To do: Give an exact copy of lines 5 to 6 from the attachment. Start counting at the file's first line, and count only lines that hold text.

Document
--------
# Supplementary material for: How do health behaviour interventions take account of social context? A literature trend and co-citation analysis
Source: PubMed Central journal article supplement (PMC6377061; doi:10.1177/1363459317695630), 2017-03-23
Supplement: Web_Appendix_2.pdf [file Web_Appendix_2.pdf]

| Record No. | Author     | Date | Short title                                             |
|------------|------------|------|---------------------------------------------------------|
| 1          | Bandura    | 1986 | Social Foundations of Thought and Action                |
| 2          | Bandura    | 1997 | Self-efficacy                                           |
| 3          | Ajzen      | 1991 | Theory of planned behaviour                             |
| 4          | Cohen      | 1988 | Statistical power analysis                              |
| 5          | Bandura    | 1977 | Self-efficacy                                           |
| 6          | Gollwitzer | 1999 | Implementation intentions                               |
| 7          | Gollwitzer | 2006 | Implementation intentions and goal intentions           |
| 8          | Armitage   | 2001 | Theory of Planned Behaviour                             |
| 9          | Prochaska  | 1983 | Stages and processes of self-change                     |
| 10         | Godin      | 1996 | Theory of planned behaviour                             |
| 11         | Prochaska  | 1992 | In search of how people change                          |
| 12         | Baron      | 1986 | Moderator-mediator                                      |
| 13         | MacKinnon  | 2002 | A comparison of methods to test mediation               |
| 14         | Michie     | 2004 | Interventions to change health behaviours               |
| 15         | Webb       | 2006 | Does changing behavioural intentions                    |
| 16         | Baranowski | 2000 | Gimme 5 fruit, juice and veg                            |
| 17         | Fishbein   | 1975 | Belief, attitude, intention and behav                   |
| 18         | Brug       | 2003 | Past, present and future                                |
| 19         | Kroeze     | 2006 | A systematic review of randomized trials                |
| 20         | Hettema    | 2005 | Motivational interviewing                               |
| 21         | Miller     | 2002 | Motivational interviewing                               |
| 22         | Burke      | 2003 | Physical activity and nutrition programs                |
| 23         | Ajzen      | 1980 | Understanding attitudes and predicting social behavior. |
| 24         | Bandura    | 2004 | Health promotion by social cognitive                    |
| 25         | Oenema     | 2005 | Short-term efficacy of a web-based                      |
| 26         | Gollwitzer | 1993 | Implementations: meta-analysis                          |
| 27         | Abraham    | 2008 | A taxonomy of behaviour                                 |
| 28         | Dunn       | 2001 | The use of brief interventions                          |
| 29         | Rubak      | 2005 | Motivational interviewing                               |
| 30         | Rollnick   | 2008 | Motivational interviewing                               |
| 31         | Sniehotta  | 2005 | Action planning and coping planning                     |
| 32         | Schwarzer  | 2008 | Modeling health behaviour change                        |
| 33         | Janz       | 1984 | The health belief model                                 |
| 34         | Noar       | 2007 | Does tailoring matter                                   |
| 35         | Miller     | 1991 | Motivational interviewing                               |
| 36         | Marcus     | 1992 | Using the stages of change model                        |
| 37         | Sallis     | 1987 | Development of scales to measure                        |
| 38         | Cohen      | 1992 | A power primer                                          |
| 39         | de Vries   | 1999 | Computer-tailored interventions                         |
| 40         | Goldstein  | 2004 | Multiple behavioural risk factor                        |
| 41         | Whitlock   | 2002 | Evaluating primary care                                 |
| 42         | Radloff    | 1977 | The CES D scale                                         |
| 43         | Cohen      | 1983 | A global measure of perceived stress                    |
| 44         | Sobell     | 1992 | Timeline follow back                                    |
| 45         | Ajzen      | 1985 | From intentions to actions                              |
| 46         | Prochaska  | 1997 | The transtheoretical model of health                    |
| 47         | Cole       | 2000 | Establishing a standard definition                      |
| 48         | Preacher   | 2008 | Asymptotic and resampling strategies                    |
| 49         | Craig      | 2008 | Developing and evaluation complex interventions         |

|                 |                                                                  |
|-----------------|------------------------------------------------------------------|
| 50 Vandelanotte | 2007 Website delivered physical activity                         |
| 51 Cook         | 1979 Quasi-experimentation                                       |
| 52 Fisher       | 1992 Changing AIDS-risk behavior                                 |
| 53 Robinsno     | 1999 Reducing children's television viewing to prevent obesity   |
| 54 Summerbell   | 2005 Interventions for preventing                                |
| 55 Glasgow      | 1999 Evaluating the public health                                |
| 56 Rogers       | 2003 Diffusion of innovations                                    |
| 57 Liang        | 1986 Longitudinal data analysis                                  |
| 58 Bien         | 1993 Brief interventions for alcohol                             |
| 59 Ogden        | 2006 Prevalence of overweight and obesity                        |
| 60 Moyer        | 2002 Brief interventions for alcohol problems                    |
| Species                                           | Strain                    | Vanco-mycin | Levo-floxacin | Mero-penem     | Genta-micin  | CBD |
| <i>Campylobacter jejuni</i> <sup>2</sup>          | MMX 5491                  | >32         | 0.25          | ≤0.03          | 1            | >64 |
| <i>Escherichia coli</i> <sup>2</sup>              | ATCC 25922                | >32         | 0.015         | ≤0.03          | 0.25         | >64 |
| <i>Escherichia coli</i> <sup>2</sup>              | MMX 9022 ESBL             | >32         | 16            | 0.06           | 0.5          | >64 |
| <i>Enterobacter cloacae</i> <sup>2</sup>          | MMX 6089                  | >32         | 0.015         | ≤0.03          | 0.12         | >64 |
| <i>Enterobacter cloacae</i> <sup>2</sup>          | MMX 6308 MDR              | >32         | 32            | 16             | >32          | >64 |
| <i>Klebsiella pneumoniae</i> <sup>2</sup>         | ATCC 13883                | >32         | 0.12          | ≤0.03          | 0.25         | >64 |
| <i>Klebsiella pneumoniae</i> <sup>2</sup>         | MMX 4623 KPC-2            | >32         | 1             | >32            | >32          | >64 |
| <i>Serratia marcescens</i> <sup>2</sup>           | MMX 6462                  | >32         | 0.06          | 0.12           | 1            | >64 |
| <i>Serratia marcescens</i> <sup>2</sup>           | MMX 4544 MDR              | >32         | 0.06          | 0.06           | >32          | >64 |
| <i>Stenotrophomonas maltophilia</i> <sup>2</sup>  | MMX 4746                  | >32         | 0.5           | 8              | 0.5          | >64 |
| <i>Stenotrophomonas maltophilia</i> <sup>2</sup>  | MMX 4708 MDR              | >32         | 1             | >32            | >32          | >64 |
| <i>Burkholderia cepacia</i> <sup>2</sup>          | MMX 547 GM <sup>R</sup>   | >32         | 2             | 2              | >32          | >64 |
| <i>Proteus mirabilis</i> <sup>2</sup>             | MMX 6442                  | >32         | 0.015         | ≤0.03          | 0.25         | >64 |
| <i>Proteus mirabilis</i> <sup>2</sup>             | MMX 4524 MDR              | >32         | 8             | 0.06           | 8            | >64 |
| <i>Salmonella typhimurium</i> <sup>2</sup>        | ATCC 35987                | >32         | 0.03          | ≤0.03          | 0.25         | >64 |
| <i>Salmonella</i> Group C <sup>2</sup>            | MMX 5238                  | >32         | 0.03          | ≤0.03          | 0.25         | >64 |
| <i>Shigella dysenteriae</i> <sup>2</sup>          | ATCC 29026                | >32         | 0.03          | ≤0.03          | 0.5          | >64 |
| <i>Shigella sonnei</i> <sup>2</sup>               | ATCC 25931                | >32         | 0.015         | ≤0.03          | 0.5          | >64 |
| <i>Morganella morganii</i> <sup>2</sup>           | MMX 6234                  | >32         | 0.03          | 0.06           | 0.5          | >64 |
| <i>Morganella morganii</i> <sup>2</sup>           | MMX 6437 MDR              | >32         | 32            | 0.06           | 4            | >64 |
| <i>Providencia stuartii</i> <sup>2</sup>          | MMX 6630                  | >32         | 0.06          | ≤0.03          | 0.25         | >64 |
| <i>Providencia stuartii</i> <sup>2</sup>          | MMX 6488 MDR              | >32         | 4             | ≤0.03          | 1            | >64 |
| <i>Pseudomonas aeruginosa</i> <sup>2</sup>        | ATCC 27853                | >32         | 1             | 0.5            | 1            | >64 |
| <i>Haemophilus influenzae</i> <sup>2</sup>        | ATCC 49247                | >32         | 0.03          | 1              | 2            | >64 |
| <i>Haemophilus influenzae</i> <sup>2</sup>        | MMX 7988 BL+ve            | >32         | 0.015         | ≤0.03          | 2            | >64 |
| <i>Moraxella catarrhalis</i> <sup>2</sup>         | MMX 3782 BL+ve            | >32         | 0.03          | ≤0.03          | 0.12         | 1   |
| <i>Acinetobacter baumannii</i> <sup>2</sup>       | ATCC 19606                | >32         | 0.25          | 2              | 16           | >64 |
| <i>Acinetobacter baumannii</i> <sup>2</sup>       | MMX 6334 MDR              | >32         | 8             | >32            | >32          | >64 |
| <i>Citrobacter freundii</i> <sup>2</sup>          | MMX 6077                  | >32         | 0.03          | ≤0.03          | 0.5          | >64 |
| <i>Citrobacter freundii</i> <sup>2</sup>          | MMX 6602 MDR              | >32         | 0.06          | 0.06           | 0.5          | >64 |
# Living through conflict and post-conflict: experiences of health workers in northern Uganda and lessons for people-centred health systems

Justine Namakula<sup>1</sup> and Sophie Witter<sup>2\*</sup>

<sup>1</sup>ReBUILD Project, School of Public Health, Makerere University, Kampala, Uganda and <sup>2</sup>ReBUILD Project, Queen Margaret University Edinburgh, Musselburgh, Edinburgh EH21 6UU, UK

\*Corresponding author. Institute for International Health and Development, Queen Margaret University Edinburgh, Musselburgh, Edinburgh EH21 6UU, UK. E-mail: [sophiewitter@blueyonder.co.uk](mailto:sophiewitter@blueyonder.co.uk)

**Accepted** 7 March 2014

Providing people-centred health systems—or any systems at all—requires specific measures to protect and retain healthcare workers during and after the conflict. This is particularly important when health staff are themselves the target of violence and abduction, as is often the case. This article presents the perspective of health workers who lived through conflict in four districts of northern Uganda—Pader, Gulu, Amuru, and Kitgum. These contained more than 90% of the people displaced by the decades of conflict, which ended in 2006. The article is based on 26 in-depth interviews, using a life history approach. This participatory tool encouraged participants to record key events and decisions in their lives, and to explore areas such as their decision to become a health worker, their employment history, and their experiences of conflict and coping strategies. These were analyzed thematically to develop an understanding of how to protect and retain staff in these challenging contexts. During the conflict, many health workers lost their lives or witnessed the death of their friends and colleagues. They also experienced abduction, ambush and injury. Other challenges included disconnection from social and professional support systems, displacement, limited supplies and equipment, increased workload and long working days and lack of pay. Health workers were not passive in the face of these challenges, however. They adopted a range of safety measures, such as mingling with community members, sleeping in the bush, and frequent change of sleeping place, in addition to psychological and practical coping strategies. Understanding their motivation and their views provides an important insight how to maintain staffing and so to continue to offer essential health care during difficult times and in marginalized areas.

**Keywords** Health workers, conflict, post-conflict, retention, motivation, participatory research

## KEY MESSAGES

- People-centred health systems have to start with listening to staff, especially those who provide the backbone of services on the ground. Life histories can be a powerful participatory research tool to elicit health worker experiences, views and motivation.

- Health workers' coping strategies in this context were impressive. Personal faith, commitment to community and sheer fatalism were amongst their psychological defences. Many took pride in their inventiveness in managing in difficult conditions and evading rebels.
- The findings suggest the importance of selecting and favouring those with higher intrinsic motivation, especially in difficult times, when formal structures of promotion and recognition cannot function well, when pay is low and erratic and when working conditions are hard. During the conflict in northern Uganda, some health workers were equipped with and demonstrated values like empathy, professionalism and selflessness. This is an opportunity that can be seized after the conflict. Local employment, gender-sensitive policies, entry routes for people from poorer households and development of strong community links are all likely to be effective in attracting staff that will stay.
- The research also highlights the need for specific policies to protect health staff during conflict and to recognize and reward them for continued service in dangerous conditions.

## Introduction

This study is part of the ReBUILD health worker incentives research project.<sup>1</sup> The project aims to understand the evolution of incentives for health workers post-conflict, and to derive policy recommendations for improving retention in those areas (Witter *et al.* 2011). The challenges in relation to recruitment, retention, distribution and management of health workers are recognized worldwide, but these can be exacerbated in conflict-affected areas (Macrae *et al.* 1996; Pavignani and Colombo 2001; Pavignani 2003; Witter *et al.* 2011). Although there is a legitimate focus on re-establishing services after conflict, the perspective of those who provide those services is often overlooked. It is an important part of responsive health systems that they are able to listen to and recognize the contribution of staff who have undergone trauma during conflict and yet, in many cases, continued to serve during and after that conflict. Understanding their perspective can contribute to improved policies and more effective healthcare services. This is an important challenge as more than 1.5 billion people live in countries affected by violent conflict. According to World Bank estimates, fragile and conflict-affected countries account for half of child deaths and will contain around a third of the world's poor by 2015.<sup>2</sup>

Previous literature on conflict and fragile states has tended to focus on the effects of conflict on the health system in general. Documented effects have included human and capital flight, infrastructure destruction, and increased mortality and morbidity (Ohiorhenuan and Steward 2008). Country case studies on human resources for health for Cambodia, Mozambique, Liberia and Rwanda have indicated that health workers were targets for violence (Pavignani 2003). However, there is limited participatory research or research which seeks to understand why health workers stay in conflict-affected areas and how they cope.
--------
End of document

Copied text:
|------------|------------|------|---------------------------------------------------------|
| 1          | Bandura    | 1986 | Social Foundations of Thought and Action                |